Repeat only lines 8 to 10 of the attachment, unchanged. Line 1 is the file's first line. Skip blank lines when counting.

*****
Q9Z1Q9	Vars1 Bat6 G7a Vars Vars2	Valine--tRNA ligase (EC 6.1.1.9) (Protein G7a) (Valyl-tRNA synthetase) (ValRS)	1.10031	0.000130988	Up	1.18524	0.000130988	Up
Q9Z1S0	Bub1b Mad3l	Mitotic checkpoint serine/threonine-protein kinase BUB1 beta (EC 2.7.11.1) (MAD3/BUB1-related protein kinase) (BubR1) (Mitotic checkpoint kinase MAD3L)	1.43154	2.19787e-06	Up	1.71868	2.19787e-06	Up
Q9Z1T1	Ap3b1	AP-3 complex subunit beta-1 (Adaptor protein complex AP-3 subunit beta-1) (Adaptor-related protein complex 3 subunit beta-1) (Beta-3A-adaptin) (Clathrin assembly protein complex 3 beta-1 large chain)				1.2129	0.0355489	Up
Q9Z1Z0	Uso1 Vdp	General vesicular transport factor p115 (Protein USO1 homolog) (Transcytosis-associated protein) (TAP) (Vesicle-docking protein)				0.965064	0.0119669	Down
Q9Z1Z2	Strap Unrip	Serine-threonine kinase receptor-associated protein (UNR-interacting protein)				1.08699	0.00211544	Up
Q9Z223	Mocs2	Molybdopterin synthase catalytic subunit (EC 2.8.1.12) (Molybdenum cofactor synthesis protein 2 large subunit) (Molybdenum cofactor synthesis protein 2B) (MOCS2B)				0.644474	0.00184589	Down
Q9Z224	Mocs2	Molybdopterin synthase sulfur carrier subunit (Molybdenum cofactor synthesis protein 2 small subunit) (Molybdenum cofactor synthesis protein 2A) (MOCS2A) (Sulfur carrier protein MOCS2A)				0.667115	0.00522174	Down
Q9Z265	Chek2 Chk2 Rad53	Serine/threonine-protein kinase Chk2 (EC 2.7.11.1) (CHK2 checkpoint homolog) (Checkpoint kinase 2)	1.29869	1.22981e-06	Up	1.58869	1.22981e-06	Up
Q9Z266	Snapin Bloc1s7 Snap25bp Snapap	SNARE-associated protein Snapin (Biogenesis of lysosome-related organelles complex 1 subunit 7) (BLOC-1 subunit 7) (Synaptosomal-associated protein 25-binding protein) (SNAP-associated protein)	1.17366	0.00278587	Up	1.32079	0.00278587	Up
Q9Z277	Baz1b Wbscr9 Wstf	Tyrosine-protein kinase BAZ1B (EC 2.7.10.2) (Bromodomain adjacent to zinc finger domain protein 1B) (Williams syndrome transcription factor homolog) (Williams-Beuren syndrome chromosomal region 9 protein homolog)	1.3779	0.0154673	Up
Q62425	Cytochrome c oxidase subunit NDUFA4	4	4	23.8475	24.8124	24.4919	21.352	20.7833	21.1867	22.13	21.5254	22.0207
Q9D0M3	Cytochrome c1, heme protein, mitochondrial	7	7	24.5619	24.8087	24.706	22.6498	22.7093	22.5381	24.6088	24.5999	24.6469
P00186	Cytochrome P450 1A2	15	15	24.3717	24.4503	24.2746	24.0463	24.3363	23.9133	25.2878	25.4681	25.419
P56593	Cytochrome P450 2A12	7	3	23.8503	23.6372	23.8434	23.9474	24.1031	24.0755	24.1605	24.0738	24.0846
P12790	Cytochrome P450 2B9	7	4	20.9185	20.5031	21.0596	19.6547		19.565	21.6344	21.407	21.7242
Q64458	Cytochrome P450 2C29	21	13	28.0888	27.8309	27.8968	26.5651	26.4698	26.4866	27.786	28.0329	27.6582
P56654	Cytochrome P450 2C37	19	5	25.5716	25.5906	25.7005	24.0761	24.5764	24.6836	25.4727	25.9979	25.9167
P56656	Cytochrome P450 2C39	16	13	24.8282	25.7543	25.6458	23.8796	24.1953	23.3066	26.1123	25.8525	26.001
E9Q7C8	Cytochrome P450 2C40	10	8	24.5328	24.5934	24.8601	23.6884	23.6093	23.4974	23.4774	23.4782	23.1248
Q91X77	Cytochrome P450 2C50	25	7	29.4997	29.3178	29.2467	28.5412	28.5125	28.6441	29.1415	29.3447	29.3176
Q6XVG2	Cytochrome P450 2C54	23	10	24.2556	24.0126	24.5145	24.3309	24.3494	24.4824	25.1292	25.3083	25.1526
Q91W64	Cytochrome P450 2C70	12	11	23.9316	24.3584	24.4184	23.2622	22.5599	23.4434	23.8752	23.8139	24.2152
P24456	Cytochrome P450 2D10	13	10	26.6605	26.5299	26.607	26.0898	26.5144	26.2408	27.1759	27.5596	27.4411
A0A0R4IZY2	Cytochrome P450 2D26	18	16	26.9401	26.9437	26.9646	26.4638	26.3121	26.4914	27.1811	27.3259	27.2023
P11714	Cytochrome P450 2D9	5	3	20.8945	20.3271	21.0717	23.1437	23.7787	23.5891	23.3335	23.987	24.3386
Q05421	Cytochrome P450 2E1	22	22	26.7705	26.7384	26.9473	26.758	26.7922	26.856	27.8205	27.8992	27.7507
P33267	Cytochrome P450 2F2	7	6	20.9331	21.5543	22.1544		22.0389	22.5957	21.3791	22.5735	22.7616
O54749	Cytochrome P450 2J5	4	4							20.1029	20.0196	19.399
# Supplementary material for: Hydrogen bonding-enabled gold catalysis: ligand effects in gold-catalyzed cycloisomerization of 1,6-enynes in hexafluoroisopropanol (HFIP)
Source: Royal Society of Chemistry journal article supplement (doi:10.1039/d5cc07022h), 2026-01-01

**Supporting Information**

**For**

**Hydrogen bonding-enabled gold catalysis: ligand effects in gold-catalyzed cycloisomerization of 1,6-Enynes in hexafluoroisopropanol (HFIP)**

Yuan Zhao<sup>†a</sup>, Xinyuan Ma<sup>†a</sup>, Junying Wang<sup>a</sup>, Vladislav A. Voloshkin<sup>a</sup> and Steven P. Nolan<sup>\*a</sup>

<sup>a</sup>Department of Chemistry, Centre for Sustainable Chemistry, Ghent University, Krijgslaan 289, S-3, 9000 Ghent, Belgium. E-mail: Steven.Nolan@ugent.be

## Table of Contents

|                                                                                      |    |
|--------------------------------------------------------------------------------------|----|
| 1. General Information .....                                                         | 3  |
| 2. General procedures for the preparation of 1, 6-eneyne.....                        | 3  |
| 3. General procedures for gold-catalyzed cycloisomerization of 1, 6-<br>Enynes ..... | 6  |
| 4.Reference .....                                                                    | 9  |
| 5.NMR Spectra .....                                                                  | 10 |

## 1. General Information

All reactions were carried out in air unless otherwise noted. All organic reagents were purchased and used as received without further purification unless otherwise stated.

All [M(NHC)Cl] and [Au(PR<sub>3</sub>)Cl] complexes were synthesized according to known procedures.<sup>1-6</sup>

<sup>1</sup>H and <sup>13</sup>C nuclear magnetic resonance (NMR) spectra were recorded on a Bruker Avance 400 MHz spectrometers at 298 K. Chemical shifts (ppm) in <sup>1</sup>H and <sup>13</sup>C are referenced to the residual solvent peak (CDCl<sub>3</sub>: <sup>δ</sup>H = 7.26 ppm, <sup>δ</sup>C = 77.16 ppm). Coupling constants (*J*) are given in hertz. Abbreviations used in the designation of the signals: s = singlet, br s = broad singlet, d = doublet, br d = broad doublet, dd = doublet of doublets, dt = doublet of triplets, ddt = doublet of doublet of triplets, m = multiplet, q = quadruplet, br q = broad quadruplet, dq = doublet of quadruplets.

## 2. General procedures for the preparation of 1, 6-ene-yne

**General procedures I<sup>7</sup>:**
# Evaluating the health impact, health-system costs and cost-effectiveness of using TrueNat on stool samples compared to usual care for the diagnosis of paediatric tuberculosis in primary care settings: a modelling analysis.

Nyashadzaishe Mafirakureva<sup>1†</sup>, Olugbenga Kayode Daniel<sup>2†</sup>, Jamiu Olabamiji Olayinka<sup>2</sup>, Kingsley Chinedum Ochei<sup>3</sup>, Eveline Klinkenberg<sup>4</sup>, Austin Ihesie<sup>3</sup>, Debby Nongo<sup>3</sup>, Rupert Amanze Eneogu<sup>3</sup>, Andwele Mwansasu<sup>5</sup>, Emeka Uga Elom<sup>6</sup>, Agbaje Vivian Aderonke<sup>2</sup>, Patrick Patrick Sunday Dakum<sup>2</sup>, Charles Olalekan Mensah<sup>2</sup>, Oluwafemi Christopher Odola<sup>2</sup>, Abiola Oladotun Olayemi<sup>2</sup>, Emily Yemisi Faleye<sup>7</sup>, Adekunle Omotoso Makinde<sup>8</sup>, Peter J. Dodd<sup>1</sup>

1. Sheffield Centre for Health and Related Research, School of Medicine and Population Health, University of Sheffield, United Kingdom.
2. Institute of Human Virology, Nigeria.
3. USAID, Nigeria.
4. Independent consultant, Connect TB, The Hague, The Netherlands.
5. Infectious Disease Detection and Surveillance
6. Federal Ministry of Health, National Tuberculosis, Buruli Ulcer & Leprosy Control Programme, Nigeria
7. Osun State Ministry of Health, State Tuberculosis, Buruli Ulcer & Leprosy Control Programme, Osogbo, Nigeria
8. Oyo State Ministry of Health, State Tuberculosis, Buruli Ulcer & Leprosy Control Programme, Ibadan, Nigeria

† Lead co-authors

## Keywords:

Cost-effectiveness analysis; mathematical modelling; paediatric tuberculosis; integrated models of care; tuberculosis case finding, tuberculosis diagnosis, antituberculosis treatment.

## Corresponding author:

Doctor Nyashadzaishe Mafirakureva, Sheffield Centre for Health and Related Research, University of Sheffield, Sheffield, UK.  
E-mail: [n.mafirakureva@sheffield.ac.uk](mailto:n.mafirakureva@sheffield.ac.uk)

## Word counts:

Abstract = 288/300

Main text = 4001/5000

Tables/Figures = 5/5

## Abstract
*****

Q9Z265	Chek2 Chk2 Rad53	Serine/threonine-protein kinase Chk2 (EC 2.7.11.1) (CHK2 checkpoint homolog) (Checkpoint kinase 2)	1.29869	1.22981e-06	Up	1.58869	1.22981e-06	Up
Q9Z266	Snapin Bloc1s7 Snap25bp Snapap	SNARE-associated protein Snapin (Biogenesis of lysosome-related organelles complex 1 subunit 7) (BLOC-1 subunit 7) (Synaptosomal-associated protein 25-binding protein) (SNAP-associated protein)	1.17366	0.00278587	Up	1.32079	0.00278587	Up
Q9Z277	Baz1b Wbscr9 Wstf	Tyrosine-protein kinase BAZ1B (EC 2.7.10.2) (Bromodomain adjacent to zinc finger domain protein 1B) (Williams syndrome transcription factor homolog) (Williams-Beuren syndrome chromosomal region 9 protein homolog)	1.3779	0.0154673	Up